NET NEUTRALITY AT THE CROSSROADS Series offers a look into what might go down as the most important week in the life of the Internet. Before discussing the regulatory history and decision options before the Federal Communications Commission [FCC] decision, this introductory article offers a summary of Net Neutrality for readers new to the topic. Numerous detailed articles can be found online.
Net Neutrality is the one of the defining principles behind the Internet as we know it today. Whether or not you’ve taken the time to get to know this ubiquitous friend, its days upon the earth might be fast coming to an end if Federal Communications Commission [FCC] Chairman Tom Wheeler is successful in his campaign to introduce landmark changes to the regulatory framework that governs the world wide web.
WHAT IS NET NEUTRALITY?
Ironically, former AT&T CEO Ed Whitacre mockingly stated during his parting speech,
“I’m not even sure what Net Neutrality means.”
In short, Net Neutrality is the idea that all traffic on the Internet is treated equally. Backbone operations of the information highway do not discriminate against services, slowing some content, while accelerating others. Net Neutrality is commonly referred to as a requisite feature of a democratized Internet, where individuals and institutions, start-ups and multinational conglomerates, under-resourced communications and wealthy political jurisdictions, and other content producers and users have equal ability to exchange information in the network of participate in the electronic.
Net Neutrality has encountered independent content providers such as kennethdprice.com to serve customer requests to its website, assured that its data packets will move across the Internet backbone with the same transmission speed and quality as those delivered by the largest content providers such as Facebook, Twitter, Youtube, and Google.
Essentially, Net Neutrality establishes a policy framework that packets moving through backbone channels of the Internet are not given preferential treatment (to the detriment of other traffic), routed in sub-standard ways, or prevented from reaching their destination.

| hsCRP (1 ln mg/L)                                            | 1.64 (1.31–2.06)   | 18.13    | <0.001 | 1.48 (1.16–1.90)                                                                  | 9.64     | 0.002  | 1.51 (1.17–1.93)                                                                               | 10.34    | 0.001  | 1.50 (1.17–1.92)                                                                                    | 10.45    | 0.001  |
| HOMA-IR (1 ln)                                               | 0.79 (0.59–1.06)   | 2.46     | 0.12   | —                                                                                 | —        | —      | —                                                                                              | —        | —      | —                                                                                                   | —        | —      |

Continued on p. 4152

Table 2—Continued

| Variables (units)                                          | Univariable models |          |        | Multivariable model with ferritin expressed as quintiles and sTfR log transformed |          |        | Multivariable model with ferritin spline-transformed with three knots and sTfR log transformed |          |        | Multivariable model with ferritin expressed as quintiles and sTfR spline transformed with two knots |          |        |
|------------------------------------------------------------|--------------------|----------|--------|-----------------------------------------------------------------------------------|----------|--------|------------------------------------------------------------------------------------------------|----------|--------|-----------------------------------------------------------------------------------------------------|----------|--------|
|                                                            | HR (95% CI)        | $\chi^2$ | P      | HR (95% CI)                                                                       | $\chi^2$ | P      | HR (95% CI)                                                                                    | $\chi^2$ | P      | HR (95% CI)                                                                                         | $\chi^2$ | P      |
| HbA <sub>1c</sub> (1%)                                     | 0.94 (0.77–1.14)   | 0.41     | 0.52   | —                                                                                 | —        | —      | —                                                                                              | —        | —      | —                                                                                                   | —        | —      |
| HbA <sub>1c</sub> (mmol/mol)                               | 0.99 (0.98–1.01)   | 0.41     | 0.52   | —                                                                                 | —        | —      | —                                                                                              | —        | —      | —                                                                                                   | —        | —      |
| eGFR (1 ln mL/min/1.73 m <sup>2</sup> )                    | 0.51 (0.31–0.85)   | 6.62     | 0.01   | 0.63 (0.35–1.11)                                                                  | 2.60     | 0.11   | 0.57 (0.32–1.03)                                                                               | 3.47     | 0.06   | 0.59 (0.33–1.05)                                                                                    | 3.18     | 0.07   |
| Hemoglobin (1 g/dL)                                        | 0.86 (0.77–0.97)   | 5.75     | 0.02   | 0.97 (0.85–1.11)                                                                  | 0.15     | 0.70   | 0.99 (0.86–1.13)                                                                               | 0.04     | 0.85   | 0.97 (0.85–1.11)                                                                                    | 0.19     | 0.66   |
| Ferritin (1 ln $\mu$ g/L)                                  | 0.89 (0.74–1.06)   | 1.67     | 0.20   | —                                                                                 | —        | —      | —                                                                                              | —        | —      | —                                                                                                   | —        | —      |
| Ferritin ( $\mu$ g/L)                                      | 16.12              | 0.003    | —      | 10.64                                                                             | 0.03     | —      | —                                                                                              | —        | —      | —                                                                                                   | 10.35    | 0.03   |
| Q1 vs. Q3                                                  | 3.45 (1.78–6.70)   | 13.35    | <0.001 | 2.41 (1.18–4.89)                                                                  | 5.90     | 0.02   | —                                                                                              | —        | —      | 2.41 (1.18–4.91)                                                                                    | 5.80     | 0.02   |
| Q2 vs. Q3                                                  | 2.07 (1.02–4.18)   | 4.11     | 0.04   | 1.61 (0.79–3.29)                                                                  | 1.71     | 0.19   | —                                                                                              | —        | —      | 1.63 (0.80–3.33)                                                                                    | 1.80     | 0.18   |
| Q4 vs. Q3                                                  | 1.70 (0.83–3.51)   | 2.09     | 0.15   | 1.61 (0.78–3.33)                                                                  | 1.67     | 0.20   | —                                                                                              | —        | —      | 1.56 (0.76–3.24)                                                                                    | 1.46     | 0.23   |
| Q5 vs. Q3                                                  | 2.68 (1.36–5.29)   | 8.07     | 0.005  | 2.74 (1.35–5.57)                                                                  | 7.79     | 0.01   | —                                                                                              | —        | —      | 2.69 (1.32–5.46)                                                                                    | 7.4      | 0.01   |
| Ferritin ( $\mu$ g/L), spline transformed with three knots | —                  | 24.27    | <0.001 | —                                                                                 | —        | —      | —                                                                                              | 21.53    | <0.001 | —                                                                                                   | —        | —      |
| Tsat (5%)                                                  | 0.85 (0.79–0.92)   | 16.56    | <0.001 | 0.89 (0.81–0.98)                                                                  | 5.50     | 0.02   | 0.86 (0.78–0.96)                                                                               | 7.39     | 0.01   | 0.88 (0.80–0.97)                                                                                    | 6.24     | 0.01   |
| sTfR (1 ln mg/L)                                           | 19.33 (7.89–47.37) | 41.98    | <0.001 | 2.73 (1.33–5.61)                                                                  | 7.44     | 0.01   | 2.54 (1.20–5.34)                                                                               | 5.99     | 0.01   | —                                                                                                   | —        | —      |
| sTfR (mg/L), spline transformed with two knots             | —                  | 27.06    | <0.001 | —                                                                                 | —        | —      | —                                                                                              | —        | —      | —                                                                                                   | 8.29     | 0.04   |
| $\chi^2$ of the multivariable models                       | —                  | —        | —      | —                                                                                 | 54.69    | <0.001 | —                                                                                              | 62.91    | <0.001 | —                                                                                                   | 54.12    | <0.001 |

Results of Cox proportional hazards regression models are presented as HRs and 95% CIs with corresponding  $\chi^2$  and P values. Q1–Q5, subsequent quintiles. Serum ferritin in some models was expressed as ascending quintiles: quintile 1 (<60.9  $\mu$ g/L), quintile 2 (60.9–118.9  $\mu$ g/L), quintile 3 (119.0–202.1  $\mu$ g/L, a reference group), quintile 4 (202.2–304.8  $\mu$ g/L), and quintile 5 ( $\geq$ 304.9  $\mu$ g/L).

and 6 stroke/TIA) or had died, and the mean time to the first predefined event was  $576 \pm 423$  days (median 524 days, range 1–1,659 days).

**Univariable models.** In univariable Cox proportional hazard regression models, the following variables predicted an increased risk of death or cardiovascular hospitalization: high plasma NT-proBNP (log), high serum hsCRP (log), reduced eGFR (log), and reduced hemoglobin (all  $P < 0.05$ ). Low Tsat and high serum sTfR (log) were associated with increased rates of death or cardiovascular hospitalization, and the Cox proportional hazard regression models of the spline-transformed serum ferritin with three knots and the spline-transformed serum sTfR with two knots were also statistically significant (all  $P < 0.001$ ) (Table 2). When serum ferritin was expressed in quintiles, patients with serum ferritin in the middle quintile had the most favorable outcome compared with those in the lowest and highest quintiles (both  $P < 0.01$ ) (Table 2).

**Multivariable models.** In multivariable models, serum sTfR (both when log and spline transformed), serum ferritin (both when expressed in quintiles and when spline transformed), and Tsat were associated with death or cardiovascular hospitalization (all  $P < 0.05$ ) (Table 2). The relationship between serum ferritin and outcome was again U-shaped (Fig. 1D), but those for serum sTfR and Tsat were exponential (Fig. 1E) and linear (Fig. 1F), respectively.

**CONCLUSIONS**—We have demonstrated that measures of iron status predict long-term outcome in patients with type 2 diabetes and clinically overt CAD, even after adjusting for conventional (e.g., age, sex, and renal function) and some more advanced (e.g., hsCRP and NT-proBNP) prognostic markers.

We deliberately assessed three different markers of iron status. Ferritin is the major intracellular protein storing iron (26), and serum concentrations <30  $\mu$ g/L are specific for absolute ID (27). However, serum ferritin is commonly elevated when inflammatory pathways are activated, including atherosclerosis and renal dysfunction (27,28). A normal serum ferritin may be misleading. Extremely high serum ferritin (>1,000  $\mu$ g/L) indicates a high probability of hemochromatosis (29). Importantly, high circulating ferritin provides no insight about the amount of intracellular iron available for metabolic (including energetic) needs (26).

THE FCC ON NET NEUTRALITY
On December 23, 2010, the FCC released its Open Internet Order [FCC 10-201] to preserve Net Neutrality by articulating three specific mandates:
i. Transparency. Fixed and mobile broadband providers must disclose the network
management practices, performance characteristics, and terms and conditions of their
ii. No blocking. Fixed broadband providers may not block lawful content, applications,
services, or non-harmful devices; mobile broadband providers may not block lawful
websites, or block applications that compete with their voice or video telephony
iii. No unreasonable discrimination. Fixed broadband providers may not unreasonably
discriminate in transmitting lawful network traffic.
FCC 10-201, thus, required Internet Service Providers [ISPs] to convey their approach on a range of issues from handling various protocols to managing network congestion. The FCC further stipulated that ISPs were prohibited from unilaterally denying certain traffic e.g., ooVoo video conferencing, Netflix movie streaming, Dropbox online data storage. The Order likewise prevented ISPs from discriminating against services by moving data through the Internet along lower bandwidth channels or “slow lanes”.
In releasing FCC 10-201, the FCC promulgated a regulatory framework that recognized all data destined for the Internet should be treated equally without regard for the origin.
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